TQ’s display is nestled in the top tube and shows a host of cool info, like rider power and motor power, as well as the basics like mode and battery remaining. There’s a slim remote on the bars to change power mode, activate walk mode, and cycle through the display screens, but I found it interfered with Scott’s TracLoc remote, and I couldn’t quite get both of them in the perfect position.

Scott Voltage eRide 900 Tuned

Remove the cover to access the shock valve and damping adjusters.


As with most Scott models, the Voltage incorporates the latest evolution of the TracLoc three-position ‘lockout’. But to call it a lockout is misleading, since the shock never actually locks. Instead Scott has worked with Fox to design a piggyback shock (the Float X Nude) with a secondary positive air chamber that can be blocked off at the press of the handlebar mounted remote. This makes it extremely difficult to achieve full travel, effectively reducing the travel and raising the dynamic sag. So you have more ground clearance, a steeper head and seat angle that helps put your body in a better position for climbing, and a tighter, more responsive back end under power, when sprinting. A further click of the remote adds compression damping, further improving efficiency at the expense of bump tracking. Now  Scott tethers both the fork and the shock to the system on most of the range, which adds a cable and restricts the choice of forks and fork dampers that can be run. Detrimentally to the overall ride experience in our opinion. The sole exception is the bike I rode on the launch – the eRide 900 Tuned. Here, you get a superlative Grip2 damper in the 160mm travel Fox 36 fork, giving ultimate control over high and low speed damping.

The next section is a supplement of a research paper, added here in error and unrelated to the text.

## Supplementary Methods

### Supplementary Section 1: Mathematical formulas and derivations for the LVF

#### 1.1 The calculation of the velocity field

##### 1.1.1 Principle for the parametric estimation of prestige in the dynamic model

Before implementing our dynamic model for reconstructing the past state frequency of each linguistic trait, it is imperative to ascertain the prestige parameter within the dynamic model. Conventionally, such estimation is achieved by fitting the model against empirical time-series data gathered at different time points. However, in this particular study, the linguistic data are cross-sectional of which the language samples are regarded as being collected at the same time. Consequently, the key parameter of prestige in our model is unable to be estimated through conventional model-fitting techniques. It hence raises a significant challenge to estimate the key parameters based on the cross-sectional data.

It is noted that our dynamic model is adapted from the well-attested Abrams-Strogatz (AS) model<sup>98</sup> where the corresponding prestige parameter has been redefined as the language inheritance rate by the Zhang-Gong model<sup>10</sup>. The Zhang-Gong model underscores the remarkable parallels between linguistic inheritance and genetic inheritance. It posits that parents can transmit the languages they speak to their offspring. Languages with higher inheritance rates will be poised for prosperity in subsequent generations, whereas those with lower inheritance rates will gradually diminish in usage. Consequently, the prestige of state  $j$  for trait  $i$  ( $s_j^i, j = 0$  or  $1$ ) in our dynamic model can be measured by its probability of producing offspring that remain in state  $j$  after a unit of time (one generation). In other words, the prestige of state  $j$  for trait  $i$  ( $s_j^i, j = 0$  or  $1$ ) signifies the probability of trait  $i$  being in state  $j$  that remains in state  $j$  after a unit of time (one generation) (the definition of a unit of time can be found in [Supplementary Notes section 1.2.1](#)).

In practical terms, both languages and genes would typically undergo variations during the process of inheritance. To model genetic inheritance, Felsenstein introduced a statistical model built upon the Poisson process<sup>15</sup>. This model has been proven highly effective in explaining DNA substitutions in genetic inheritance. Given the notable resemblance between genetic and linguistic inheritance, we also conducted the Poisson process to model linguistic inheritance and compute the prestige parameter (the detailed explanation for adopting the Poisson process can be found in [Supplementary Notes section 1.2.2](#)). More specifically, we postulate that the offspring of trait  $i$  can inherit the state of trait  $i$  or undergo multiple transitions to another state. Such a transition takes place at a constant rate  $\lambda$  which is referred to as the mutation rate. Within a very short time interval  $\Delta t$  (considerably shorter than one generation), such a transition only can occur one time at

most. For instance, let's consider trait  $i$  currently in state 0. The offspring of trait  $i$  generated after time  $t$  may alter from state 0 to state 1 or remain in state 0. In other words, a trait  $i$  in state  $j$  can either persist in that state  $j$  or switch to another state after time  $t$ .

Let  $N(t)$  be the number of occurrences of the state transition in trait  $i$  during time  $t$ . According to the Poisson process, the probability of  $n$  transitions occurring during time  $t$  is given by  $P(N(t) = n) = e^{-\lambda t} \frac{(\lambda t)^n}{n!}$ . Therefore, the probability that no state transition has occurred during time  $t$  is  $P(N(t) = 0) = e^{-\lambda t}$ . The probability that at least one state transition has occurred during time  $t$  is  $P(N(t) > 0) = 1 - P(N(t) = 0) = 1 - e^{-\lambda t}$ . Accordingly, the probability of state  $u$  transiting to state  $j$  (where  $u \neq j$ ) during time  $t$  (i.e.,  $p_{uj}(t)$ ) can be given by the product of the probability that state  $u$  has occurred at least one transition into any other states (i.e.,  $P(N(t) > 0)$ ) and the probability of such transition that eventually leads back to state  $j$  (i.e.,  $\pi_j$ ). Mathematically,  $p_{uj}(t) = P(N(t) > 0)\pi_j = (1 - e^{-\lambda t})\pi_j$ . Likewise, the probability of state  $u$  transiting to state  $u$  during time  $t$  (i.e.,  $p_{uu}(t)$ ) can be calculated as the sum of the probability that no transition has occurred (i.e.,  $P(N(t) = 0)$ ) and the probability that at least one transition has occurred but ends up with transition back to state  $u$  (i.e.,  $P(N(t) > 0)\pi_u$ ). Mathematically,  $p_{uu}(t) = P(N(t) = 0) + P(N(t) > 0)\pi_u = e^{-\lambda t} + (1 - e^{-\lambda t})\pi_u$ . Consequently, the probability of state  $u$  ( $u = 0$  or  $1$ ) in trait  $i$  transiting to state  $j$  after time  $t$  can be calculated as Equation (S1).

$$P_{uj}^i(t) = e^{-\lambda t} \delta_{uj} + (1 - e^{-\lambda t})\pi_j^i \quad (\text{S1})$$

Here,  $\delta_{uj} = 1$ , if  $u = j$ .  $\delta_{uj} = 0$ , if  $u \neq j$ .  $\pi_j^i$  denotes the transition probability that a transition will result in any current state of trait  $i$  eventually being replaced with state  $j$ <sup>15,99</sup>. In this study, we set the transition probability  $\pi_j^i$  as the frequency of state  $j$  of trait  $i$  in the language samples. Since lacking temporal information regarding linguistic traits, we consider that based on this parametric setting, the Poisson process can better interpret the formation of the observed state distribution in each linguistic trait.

Scott Voltage eRide 900 Tuned

The sag indicator is simple, effective, and more accurate than reading off a shock shaft.

Setting the sag is easy and accurate thanks to the dial indicator on the upper link, but while the shock is surprisingly accessible once you remove the hatch at the base of the down tube, you do have to keep bending down to attach and detach the shock pump and fiddle with damping adjusters.

Scott Voltage eRide 900 Tuned

The Voltage eRide 900’s T-Type AXS mech is plumbed into the main battery, so you don’t need to worry about charging it separately.


For £10,999 you’d expect some pretty tasty bits on the eRide 900 Tuned. And while everything is high end, the plethora of Syncros proprietary components doesn’t feel as boutique as something like Whyte’s E-Lyte with its Hope parts.